Saturday, April 16, 2011

Geography Fair

One of the things that our homeschooling community does each year is sponsor a Geography Fair, in which each participating family puts up a table about a particular country, with a Science Fair-type board, display items, and our favorite item--FOOD!  This is a multi-age thing, rather than just a middle school age thing.  However, it is something that we have done for years, and which I think I still valuable.  It is one of those things that is interesting to do over time, because it does really demonstrate the evolution of our  children over time.

I can't remember all the countries we've done, but I know the last two ones we did--Congo and Chile---were chosen by my son based on animals or environmental factors.  However, this year we did Ethiopia.  My son chose that country because he did a report on Ethiopia for his 19th Century History Coop, and discovered that among all the nations in Africa, Ethiopia was the only one that really was able to remain independent in the 19th Century after the Berlin Conference of 1884, when Europe decided to divide up Africa between them as European colonies (disregarding what the Africans might have thought about the idea, of course).  So I see that as a middle school development--no longer choosing his country on the basis of animals or rain forests, etc., but on the basis of a historical/political fact.

However, it did break the rule I had set after our experience with the Congo, which was NO MORE GEOGRAPHY FAIR PROJECTS FROM AFRICA!  Now, this is not because Africa is not interesting nor valuable, because it is.  But a big component of these displays is food for people to sample, and African food is....well, let's just call it challenging.  (For the Congo, it was not just challenging, it was the pits.   Believe me, we tried, but every Congo recipe we made that didn't have things in it that we were allergic to was pretty much inedible. )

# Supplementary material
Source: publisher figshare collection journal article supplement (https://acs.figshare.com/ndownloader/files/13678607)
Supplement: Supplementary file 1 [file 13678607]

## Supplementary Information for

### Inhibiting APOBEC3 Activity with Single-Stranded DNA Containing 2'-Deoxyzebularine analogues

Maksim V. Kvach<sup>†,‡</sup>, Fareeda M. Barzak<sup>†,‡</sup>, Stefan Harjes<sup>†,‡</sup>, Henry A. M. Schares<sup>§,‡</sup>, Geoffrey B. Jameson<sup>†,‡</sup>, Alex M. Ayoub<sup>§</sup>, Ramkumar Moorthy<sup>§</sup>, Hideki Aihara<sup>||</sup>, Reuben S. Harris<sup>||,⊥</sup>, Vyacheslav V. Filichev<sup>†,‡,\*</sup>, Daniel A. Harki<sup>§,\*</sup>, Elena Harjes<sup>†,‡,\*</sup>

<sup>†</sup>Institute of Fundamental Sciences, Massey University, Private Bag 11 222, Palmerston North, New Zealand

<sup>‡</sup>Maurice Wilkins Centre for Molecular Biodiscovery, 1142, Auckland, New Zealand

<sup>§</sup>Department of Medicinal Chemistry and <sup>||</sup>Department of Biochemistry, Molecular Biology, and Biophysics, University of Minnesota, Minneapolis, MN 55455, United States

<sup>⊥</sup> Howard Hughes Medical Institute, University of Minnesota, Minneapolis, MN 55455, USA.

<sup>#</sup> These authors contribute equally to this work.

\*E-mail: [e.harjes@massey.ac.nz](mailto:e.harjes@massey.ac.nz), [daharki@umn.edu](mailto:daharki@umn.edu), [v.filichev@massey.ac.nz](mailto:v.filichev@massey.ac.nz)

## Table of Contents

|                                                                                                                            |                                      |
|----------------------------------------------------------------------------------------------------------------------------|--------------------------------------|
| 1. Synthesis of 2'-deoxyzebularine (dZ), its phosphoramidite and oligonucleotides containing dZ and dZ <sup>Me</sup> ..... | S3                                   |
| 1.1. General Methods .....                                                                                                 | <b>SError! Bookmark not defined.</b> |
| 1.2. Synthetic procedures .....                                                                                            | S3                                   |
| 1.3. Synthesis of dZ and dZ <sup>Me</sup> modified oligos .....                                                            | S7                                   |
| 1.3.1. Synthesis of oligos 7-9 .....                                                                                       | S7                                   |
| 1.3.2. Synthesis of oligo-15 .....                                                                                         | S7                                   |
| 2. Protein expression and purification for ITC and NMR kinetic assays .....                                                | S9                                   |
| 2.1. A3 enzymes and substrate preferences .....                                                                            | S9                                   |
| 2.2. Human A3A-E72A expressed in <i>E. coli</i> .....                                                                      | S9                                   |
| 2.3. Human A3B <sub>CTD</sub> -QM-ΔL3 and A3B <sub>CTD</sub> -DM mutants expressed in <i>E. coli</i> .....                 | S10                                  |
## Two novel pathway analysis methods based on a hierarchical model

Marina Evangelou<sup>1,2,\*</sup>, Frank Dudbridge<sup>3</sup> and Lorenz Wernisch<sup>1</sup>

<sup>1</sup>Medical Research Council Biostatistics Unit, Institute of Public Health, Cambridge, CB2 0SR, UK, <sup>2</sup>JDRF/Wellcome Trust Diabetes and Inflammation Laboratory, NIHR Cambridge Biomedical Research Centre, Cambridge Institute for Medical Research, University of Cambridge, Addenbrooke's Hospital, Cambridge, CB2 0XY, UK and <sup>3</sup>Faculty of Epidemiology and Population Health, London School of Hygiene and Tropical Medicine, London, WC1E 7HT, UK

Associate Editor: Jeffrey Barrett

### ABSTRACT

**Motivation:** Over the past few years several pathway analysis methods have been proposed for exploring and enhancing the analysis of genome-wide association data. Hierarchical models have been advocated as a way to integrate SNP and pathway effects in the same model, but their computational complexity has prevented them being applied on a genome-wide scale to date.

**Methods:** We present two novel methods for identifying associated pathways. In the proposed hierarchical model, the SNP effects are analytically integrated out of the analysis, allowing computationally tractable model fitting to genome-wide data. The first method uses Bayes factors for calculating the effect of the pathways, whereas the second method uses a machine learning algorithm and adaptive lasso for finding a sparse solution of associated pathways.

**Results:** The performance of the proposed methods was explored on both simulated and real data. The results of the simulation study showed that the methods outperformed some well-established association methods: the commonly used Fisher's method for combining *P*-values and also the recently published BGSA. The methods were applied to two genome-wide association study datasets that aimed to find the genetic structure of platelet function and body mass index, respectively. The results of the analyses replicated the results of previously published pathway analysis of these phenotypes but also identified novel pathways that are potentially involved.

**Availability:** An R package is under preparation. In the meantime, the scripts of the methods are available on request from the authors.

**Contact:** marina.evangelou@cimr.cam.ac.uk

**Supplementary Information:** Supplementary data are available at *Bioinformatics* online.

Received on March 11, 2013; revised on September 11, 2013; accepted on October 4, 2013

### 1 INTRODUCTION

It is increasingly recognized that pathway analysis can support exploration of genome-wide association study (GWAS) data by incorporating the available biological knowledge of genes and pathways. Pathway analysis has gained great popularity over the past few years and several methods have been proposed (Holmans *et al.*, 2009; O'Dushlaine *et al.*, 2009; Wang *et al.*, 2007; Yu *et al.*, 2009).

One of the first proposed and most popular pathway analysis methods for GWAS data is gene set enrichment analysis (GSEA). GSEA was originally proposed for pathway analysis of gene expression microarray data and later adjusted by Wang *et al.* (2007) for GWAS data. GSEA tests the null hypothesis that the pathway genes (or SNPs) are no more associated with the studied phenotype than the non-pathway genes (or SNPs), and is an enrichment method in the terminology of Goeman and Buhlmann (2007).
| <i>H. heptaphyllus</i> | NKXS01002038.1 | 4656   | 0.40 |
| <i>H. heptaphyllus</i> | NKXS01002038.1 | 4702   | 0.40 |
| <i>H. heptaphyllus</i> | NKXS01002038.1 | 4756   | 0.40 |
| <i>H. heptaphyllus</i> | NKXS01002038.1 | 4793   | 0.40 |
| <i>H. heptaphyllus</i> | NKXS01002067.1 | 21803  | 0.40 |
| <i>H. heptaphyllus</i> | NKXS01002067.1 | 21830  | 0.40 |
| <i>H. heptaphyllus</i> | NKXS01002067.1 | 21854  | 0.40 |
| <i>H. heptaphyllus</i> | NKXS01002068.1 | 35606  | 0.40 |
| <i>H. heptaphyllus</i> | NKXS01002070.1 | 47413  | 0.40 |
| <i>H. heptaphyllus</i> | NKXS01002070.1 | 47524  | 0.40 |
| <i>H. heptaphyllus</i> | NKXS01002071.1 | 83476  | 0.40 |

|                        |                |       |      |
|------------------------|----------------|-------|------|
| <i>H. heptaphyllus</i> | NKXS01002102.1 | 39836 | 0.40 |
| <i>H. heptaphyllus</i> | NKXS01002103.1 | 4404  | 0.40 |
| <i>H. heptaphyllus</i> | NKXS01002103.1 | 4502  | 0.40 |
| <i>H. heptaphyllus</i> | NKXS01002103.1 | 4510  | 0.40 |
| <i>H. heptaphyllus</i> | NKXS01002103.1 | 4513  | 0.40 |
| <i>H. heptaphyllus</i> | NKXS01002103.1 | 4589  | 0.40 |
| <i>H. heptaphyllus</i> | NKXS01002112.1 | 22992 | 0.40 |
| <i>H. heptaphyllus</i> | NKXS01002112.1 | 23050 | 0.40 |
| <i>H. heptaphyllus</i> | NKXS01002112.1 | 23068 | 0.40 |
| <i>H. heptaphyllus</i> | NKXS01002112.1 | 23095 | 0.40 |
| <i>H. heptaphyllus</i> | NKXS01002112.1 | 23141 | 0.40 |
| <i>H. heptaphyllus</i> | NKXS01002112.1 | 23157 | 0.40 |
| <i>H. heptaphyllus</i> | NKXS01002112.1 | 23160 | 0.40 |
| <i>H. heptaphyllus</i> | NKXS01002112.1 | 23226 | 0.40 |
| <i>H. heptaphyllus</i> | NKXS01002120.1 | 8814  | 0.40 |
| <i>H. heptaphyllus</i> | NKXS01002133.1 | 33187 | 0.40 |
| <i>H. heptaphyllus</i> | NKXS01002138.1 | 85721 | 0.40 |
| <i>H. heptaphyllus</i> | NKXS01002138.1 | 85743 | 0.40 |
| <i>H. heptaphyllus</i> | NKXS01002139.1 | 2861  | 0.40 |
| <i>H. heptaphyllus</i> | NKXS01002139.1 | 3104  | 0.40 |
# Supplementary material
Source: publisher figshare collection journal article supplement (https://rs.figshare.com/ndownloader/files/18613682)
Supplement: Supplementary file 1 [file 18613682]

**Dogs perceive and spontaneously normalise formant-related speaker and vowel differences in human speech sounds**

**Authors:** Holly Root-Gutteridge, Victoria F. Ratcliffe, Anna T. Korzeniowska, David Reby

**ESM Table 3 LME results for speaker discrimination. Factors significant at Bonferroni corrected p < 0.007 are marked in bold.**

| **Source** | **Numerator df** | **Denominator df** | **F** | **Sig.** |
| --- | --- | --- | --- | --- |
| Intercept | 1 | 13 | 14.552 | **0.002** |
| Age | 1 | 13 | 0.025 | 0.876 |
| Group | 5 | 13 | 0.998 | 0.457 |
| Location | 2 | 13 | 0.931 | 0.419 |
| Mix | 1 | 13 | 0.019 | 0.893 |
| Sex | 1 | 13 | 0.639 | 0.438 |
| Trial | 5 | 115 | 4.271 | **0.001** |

Ethiopian food, however, is quite spicy and enjoyable.  Unfortunately, it is quite hard to fix at home, especially in the South.  The food is made in a barbare sauce, which requires about $50 to buy about 12 spices....which I reduced to $8 and two spices, especially because I didn't want to make it really spicy for all the children who would be attending.  It is served on a large sourdough and spongy flatbread called injera, which is made out of a type of wheat that is only grown in Africa,   So instead, I just used tortillas.

So, really, it wasn't anything like real Ethiopian food.  But I did explain about how the Ethiopians eat without utensils, but just tear off bits of their platter bread (the food is served on top of a piece of injera that can cover the entire table) and scoop up the stew-like food.  Thus, the students got to have an experience of eating kind of like the traditional Ethiopians.

Here is our dish, which is an Anglosized version of Doro Wat:

Of course, much of the evening is spent going to the other tables and learning from the other displays (this year, each child had a "passport" where they wrote done relevent facts and got a stamp to demonstrate that they had visited).  Below is a selection of the wonderful table displays:

It was a really fun and educational night.  We appreciate everyone who put so much time into their displays and their food.


  1. The cheapest spices are at the World Market store on Chatham. They have quite a few national mixes too, so you don't have to buy each spice separately. I am not sure about the mix you wanted, though!

    We keep wanting to participate and it keeps coinciding with some major deadlines.

  2. That's good to know--thanks for the tip.

    It's a really fun evening. Maybe next year it will work out for you!

  3. My faverote food was the scottish shortbread!

  4. My favorite food was Miss Angela's Arancini from Sicily--little fried balls of rice with cheese in the center. Delicious!